Friday, May 24, 2024

Shadowcasting at Wiky High

Following an inspiring visit in October to Wiikwemkoong High School on Manitoulin Island, I was delighted to return last week for a five-day Shadowpox workshop.

Wiikwemkoong (formerly Wikwemikong) High School flies with the eagles

A dramatic entrance

Teacher Natalie Parrington's brilliant grade 12 English class welcomed Debajehmujig Storytellers directors Joahnna Berti and Bruce Naokwegijig, along with arts animators Daniel Recollet-Mejaki, Quinten Kaboni and Tyler Pangowish, all of whom have collaborated on previous Shadowpox workshops in 2018 and 2022.

With Joahnna Berti and Natalie Parrington in front of a Shadowpox vocabulary list (a good lesson for me in readability levels!)

We were piloting a new branching narrative, Shadowcasting • Mazinaateshin. "Mazinaateshin" is an Anishinaabemowin word that means both “s/he casts a shadow” and “s/he is on television or in a movie,” and echoes the traditional teachings shared by Debajehmujig Knowledge Keeper David "Sunny" Osawabine that we should have compassion for everything and everyone our shadow falls upon. 

The four-scene cycle of Shadowcasting • Mazinaateshin 

This new version of the participatory story framework Shadowpox: The Cytokine Storm takes the form of a choose your own adventure branching narrative, in order to foreground the theme of choice and the effects our choices can have on our own lives and the lives of those around us.

The new Shadowcasting • Mazinaateshin branching narrative 

Students role-played as volunteers in a Phase 1 vaccine trial in the middle of a shadowpox pandemic (a scenario that required a lot more imaginative heavy lifting in Debaj's first workshop back in 2018!). The school's wonderful IT wizard Rudy Mandamin helped set the students up to use Microsoft Stream to record their in-character video journal entries, which would then be embedded in branching narratives using the open-source software Twine.

On screen: Natalie Parrington using Microsoft Stream

We also got to try out a new augmented reality effect I'm half-seriously thinking of calling a "projectro-glyph" (a petroglyph projected on the body). This attenuated vaccine shadowpox glyph was coded in 8th Wall by Shadowpox technical director Lalaine Ulit-Destajo, with the support of the Immersive Storytelling Lab and a Canada Council Digital Greenhouse Grant. Check it out yourself on 8th Wall!

8th Wall augmented reality "projectroglyph" effect by Lalaine Ulit-Destajo
Modeling the new augmented reality Shadowpox effect

Debaj animators Tyler Pangowish and an augmented Quinten Kaboni 

Gchi miigwech, huge thanks, to our hosts at Wiky High and the directors and animators at Debajehmujig, but especially to our multi-talented student workshop participants. I can't wait to see what they do next with all their creativity, intelligence and insight!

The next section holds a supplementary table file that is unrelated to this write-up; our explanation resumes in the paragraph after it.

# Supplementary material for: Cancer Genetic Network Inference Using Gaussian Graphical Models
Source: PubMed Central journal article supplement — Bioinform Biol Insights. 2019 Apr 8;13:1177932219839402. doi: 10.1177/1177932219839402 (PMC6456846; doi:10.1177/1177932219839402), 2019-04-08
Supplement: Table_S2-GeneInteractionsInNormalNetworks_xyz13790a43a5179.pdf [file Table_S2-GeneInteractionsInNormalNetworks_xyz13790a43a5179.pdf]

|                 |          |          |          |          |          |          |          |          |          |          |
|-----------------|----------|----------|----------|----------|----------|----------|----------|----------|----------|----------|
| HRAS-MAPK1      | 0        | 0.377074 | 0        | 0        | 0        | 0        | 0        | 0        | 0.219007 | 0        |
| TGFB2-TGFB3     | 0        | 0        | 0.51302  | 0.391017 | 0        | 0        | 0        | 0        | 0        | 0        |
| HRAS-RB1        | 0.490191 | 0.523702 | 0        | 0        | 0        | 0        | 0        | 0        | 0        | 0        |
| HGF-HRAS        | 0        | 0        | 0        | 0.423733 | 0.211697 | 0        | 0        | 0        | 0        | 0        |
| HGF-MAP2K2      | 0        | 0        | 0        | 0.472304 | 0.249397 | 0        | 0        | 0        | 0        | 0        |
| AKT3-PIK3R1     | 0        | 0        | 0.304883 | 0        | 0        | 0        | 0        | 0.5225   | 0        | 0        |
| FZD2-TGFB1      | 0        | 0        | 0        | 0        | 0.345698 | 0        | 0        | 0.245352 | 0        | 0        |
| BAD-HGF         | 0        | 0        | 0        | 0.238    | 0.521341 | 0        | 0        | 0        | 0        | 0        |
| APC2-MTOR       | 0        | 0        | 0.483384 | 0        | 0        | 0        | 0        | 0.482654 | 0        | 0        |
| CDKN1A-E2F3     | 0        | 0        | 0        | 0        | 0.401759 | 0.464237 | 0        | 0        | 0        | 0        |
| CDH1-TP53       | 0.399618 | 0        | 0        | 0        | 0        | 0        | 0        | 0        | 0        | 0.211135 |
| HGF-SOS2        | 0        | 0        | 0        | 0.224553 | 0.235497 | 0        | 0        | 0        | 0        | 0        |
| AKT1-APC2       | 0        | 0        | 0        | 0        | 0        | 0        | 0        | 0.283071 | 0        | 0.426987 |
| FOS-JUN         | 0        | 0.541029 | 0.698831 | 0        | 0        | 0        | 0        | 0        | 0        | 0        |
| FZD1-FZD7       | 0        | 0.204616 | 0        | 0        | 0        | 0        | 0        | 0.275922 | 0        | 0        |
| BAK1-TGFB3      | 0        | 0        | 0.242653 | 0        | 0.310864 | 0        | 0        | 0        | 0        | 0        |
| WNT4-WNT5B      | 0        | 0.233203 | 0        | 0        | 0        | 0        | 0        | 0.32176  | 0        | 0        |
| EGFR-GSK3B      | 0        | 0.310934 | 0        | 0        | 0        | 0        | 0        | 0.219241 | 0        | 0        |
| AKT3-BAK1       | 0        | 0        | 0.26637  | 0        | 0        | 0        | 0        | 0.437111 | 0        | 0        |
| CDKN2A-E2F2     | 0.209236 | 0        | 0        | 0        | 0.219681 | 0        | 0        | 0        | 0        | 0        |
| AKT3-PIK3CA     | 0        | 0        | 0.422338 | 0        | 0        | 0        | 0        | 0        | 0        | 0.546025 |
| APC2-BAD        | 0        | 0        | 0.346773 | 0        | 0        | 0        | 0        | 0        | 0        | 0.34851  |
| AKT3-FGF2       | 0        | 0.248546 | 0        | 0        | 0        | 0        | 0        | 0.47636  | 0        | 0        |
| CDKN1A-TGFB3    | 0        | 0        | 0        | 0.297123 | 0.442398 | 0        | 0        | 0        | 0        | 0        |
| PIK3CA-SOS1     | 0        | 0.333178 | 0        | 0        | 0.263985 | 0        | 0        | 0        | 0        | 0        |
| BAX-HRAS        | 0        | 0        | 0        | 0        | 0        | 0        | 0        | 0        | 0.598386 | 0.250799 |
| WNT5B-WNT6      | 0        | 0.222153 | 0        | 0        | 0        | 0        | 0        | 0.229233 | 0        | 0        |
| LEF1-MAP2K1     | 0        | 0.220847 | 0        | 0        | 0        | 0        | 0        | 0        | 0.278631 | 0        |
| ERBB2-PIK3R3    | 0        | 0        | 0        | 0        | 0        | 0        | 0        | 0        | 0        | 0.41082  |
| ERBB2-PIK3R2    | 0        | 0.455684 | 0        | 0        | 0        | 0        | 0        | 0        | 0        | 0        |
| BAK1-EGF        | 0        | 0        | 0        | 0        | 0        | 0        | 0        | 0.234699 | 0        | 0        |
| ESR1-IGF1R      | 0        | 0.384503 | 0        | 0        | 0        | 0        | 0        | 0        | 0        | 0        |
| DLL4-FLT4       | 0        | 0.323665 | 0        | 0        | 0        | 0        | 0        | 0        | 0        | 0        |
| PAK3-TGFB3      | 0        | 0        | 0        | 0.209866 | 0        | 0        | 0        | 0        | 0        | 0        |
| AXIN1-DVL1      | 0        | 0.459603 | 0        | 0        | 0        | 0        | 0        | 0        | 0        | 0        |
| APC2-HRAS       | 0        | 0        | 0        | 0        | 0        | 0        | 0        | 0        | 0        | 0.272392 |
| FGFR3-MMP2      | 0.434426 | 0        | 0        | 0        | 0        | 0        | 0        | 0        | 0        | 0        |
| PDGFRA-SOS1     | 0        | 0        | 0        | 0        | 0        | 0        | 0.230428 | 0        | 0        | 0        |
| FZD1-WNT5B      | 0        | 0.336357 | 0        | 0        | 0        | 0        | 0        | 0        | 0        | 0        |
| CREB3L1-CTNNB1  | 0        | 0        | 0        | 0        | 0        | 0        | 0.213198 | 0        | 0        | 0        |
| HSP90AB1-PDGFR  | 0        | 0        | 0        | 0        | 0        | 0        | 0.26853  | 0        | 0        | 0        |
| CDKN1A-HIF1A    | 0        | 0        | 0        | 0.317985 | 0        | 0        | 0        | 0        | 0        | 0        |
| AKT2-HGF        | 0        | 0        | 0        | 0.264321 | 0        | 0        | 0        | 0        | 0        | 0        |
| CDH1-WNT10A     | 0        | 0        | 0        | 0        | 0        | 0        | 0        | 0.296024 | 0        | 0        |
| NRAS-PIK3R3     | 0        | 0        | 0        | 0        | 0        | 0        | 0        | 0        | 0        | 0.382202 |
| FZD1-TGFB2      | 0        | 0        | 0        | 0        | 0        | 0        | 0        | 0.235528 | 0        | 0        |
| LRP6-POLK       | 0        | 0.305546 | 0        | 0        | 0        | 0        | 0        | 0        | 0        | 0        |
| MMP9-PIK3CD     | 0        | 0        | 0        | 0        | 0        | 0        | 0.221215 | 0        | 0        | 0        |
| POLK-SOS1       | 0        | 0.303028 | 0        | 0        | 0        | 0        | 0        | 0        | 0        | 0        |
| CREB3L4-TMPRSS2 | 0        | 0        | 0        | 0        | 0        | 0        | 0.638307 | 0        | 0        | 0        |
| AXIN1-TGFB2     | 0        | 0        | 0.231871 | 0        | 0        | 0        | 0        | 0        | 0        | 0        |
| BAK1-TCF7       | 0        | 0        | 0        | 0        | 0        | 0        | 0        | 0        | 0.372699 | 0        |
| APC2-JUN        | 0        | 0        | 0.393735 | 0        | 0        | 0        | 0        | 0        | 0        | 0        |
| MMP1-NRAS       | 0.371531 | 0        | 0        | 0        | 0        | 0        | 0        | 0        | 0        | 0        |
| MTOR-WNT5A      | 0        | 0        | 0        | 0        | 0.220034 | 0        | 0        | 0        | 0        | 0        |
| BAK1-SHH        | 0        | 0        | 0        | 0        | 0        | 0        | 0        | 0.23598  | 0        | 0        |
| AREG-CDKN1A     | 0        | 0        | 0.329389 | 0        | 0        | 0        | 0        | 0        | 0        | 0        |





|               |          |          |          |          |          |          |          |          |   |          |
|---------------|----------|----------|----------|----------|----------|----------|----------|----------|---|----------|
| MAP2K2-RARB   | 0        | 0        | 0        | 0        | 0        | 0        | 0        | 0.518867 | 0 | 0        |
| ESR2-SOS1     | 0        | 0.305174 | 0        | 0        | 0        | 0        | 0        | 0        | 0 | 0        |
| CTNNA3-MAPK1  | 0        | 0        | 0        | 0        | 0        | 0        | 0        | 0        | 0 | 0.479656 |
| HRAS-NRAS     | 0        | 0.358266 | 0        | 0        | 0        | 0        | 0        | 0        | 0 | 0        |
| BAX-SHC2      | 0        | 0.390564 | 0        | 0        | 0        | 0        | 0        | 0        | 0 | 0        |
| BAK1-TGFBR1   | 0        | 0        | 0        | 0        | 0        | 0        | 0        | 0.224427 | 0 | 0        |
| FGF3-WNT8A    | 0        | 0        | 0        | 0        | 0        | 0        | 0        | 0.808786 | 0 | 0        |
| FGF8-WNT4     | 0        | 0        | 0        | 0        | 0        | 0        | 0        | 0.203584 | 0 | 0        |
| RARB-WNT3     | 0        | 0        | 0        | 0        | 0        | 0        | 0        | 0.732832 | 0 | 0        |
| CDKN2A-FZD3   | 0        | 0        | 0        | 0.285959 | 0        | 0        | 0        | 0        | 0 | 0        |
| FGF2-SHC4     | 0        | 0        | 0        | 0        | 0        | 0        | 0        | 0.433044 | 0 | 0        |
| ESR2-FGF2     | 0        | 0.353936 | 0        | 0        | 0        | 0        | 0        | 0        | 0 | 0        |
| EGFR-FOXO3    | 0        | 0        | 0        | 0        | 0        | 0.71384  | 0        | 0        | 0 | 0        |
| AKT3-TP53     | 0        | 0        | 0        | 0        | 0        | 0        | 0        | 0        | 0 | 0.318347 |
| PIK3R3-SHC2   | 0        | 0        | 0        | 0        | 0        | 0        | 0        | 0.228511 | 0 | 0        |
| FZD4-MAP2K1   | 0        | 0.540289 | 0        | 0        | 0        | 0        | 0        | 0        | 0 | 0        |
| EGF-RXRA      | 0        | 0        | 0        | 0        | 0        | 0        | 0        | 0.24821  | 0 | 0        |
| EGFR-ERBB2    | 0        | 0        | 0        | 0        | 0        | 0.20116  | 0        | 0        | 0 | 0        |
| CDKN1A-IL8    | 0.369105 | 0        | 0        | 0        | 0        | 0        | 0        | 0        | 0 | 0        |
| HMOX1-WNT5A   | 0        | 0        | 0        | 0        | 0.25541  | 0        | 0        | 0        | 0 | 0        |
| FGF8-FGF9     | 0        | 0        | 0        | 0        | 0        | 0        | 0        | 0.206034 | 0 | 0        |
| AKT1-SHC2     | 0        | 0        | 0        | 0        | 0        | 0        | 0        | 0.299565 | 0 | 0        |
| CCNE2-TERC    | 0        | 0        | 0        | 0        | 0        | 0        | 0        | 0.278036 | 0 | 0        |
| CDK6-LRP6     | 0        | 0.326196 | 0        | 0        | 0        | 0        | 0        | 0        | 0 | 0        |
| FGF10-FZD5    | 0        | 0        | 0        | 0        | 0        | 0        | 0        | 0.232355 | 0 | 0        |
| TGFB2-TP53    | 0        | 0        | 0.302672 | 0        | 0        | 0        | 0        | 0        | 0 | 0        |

I'm also thrilled that Joahnna Berti and I ended the week in discussions with Natalie Parrington and science and technology teacher Chris Mara around a new project for next year, using "citizen science fiction" to explore the energy transition. Stay tuned...

Baa-maa-pii to the electrifying Wikwemikong Warriors!

Saturday, May 18, 2024

Gold Egg

Once when I was in elementary school and my dad came home from parent-teacher interviews, I asked what they had discussed. "They said you're a good egg," was all he would tell me.

He passed away a few years ago, but his lesson in humility about academic accomplishments bubbled back up in my memory this week.

York University’s Faculty of Graduate Studies has awarded six graduates with 2024 Thesis and Dissertation Prizes "for outstanding contributions to the local and global community." 

I'm deeply honoured to be one of them, and thrilled that a fellow member of the Cinema and Media Arts (CMA) department, Pooya Badkoobeh, also won a Thesis Prize for his MFA film “Based on a True Story.” 

Congrats to all the grads, and thanks to the Faculty of Graduate Studies awards committee, my doctoral supervisor Caitlin Fisher, graduate program director Mike Zryd, and the whole department for being such a brilliant place to do research-creation. 

It's more fun to be a good egg when you're in such good company. CMA FTW!


Update, June 12

I absolutely did not expect this, given that two of the three GG’s last year went to Cinema and Media Arts grads Lawrence Garcia and Aaron Tucker, but here we are!

Governor General Mary Simon said of her coat of arms, which are emblazoned on the current medals and are pure visual poetry: "This coat of arms is my story, my true history, and it speaks of my lifelong commitment to bridge-building and family, and of my hopes for a future where we respect and share each other's stories to help foster better relationships between peoples." 

An inspiration to treasure.